On December 13, 2013, the new Puppetry in America display case opens at the museum, highlighting a collection that curator Dwight Blocker Bowers is eager for visitors to see out of its drawers. Intern Leanne Elston spoke to Dwight about puppetry and its evolution in America.
Note: The second round of puppets is on display February 12 - April 13, 2014.
When you first see the new Puppetry in America display case, it's hard to know where to look first. Lively characters compete for your attention from all directions—quarreling duo Punch and Judy in one corner, Corpse Bride figures in the other, and, from above, friends from Sam and Friends. The case is unlike any other display in the museum, a real tribute to entertainment that catches your eye and takes you on a visual journey.
"This collection just demands an audience," says Dwight Blocker Bowers, curator in the Division of Culture and the Arts and the enthusiastic mind behind this exhibition. "They're created for an audience. They deserve to be seen."
Seeing such a diverse group of puppets brought together is a unique opportunity. Not only does it get these puppets out of their boxes—some of them haven't been on display since 1980, and Kermit the Frog is the only puppet on view elsewhere in the museum—but it offers a chance to experience puppetry in all of its many forms. Such easy access to puppetry wasn't always possible. In the 19th and early 20th centuries, puppeteers traveled to put on shows and had to rely on live performances in theaters, with only one audience at a time.
Later, new technologies like radio and television helped expand puppetry's reach. Edgar Bergen's ventriloquist dummy Charlie McCarthy became a radio star during the 1930s-1950s, a somewhat puzzling feat given the medium, but the character's personality alone proved enough to captivate an entire generation of listeners.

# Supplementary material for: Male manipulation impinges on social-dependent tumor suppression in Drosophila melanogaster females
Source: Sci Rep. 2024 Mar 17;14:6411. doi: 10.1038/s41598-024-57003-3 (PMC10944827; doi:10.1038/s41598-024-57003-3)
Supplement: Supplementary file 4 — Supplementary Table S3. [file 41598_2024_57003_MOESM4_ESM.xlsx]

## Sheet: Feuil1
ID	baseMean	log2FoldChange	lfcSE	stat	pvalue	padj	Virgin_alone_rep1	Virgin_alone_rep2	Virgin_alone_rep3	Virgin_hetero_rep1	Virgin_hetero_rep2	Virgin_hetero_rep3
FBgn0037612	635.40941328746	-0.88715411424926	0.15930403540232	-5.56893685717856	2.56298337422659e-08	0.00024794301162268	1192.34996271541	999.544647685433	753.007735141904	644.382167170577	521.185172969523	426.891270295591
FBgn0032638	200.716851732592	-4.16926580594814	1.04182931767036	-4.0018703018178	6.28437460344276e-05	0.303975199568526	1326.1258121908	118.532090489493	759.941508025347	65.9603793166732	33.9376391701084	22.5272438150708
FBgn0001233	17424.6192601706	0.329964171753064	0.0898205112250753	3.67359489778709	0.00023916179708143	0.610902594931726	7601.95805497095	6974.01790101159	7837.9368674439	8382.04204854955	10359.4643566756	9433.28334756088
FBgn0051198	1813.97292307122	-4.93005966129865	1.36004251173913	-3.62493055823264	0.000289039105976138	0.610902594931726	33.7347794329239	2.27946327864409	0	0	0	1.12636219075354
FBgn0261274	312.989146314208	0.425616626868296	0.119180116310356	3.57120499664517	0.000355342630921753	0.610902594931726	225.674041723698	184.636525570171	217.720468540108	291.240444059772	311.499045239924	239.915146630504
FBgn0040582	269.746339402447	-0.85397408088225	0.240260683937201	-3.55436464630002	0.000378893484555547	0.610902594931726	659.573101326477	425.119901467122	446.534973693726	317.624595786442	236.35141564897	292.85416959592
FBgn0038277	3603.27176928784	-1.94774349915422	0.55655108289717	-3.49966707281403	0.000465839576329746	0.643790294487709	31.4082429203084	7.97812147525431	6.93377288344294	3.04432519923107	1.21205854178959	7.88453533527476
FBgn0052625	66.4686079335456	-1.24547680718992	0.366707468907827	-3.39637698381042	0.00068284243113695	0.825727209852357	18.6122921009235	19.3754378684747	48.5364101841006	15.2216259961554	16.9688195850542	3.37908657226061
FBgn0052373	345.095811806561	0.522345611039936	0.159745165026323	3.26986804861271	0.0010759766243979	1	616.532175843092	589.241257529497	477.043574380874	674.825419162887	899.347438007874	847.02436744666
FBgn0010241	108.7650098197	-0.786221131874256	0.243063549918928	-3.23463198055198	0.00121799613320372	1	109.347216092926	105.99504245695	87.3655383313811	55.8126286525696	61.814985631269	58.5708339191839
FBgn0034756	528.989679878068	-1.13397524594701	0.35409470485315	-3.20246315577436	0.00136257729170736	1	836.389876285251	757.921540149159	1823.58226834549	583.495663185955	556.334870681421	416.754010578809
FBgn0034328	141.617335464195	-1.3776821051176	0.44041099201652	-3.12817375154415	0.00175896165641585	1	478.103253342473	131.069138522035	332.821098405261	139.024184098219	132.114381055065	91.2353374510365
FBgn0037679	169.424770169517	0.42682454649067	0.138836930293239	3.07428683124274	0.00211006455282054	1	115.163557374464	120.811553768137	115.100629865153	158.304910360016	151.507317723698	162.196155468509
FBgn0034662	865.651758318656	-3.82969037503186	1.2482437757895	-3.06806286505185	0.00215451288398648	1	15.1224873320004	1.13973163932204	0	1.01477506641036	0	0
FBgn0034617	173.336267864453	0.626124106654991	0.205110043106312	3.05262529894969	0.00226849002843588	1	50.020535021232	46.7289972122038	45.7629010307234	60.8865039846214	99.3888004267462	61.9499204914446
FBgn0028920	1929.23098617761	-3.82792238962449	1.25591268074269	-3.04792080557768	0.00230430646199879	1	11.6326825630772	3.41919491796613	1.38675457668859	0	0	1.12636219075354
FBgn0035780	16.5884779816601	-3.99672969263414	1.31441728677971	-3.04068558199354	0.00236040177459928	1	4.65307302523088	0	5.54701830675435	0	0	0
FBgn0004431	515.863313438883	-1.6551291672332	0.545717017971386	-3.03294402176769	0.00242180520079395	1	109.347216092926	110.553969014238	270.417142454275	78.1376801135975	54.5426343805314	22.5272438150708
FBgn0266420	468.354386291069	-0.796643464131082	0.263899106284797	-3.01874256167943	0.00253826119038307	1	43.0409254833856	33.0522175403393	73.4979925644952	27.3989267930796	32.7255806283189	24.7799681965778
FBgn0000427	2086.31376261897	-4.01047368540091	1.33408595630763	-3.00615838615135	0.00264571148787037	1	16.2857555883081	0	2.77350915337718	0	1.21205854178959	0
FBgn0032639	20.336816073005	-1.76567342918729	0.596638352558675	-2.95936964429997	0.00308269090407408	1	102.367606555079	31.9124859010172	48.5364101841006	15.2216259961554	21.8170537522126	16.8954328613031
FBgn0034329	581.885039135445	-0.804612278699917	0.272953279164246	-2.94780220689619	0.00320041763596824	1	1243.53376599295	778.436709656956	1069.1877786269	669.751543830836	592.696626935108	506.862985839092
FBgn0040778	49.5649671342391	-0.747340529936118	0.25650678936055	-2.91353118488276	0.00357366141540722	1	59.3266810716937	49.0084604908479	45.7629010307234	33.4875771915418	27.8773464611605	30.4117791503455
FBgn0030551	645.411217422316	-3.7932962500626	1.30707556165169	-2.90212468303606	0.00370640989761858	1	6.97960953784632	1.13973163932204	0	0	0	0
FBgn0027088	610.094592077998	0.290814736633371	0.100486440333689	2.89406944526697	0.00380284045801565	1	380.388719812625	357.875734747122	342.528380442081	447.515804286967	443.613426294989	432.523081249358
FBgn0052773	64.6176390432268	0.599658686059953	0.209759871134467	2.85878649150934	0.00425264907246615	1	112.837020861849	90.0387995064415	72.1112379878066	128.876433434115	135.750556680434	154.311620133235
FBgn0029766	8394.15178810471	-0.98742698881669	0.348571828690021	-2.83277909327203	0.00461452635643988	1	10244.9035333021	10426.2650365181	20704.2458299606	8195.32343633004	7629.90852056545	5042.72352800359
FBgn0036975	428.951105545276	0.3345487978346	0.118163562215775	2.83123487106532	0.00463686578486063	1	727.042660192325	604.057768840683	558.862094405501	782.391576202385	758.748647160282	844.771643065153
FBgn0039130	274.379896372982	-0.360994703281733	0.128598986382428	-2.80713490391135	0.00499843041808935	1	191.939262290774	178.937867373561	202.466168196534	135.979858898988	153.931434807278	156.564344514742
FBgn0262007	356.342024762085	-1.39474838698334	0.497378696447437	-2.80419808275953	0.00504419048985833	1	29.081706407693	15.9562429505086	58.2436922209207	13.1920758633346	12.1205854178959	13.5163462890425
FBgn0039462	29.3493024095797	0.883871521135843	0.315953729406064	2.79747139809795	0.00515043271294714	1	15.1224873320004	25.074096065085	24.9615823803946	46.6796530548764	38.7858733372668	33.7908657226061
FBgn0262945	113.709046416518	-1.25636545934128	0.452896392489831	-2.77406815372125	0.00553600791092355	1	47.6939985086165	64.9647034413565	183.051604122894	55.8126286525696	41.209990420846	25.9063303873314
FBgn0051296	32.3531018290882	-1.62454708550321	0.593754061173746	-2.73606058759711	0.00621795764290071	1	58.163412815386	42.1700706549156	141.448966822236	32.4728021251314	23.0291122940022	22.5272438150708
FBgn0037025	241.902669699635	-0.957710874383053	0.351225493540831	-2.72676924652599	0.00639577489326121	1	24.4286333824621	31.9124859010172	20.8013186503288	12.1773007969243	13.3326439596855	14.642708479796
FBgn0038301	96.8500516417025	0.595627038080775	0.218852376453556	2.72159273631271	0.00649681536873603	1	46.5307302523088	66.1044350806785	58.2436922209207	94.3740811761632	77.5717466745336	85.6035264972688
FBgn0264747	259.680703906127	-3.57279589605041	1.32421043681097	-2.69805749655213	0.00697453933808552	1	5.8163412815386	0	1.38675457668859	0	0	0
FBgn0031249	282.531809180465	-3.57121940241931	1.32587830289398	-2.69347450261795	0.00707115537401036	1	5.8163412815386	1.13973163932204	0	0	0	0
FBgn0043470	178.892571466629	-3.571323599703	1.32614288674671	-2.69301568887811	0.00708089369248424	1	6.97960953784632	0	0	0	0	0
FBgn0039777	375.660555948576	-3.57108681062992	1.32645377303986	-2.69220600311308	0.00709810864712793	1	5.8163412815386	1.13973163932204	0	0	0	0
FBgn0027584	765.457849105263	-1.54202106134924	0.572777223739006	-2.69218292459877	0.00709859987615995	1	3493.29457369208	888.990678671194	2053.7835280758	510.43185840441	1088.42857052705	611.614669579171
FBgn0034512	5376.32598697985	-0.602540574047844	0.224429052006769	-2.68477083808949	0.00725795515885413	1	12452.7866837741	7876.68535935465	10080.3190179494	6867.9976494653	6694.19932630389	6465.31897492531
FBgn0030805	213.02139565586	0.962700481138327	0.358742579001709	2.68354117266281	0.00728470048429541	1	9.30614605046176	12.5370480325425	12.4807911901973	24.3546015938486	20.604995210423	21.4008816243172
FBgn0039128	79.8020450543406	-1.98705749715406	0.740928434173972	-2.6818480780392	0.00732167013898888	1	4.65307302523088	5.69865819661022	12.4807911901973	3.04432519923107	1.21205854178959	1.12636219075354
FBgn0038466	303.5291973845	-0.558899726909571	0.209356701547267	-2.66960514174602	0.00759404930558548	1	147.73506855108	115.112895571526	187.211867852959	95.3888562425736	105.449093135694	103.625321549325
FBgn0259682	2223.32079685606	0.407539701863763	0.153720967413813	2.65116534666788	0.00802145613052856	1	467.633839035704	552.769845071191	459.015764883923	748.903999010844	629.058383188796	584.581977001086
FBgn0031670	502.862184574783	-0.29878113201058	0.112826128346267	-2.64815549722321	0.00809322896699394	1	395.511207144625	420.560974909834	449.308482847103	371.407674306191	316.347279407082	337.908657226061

With the advent of television, puppetry then gained new ground in innovative techniques. Jim Henson utilized television to free his characters from the confines of a stage. "He was just in love with what the camera could do," Dwight tells me. "It gave an intimacy and a focus that previous forms of puppetry did not." Henson used the sound stages in the studios as his stage and watched his actions on a TV monitor. "His puppetry was done completely in tune with the dynamics of television."
The new display case captures puppetry's transition from stage to screen. Half of it is constructed as a large theater stage, while the other half is a television. All of it invites you to engage with an animated group of characters. Although the puppets are still, they're livened by an undeniable energy. They come in all shapes and sizes—there's a fragile Chinese shadow puppet from around 1850 and small paper versions of Red Riding Hood and the Wolf from the 1900s, but there's also honky-tonk musician Slugger Ryan tinkling away at his piano, while Mr. Moose and Bunny Rabbit lean brightly towards you as though ready to spark conversation.
"People will be surprised by the varieties that exist under the word 'puppet,'" Dwight explains. The craft encompasses so much as both a form of art and of entertainment, and now visitors can see it all. With a grin, Dwight suggests to me that the puppets, through some divine inspiration and desire to interact with their visitors, might come alive for us after years cooped up behind the scenes: "Charlie McCarthy was no slouch when it came to making a wry riposte," he notes. Really, the suggestion doesn't seem too far-fetched.
The first rotation of puppets in Puppetry in America will be on display through February 2014. The second rotation of puppets will be on display starting in February 2014. Leanne Elston is an intern in the New Media Department at the National Museum of American History. Want more puppets? She has also blogged about how we conserve Jim Henson puppets. Check out our Flickr set for more photos of the puppets in the case's first rotation.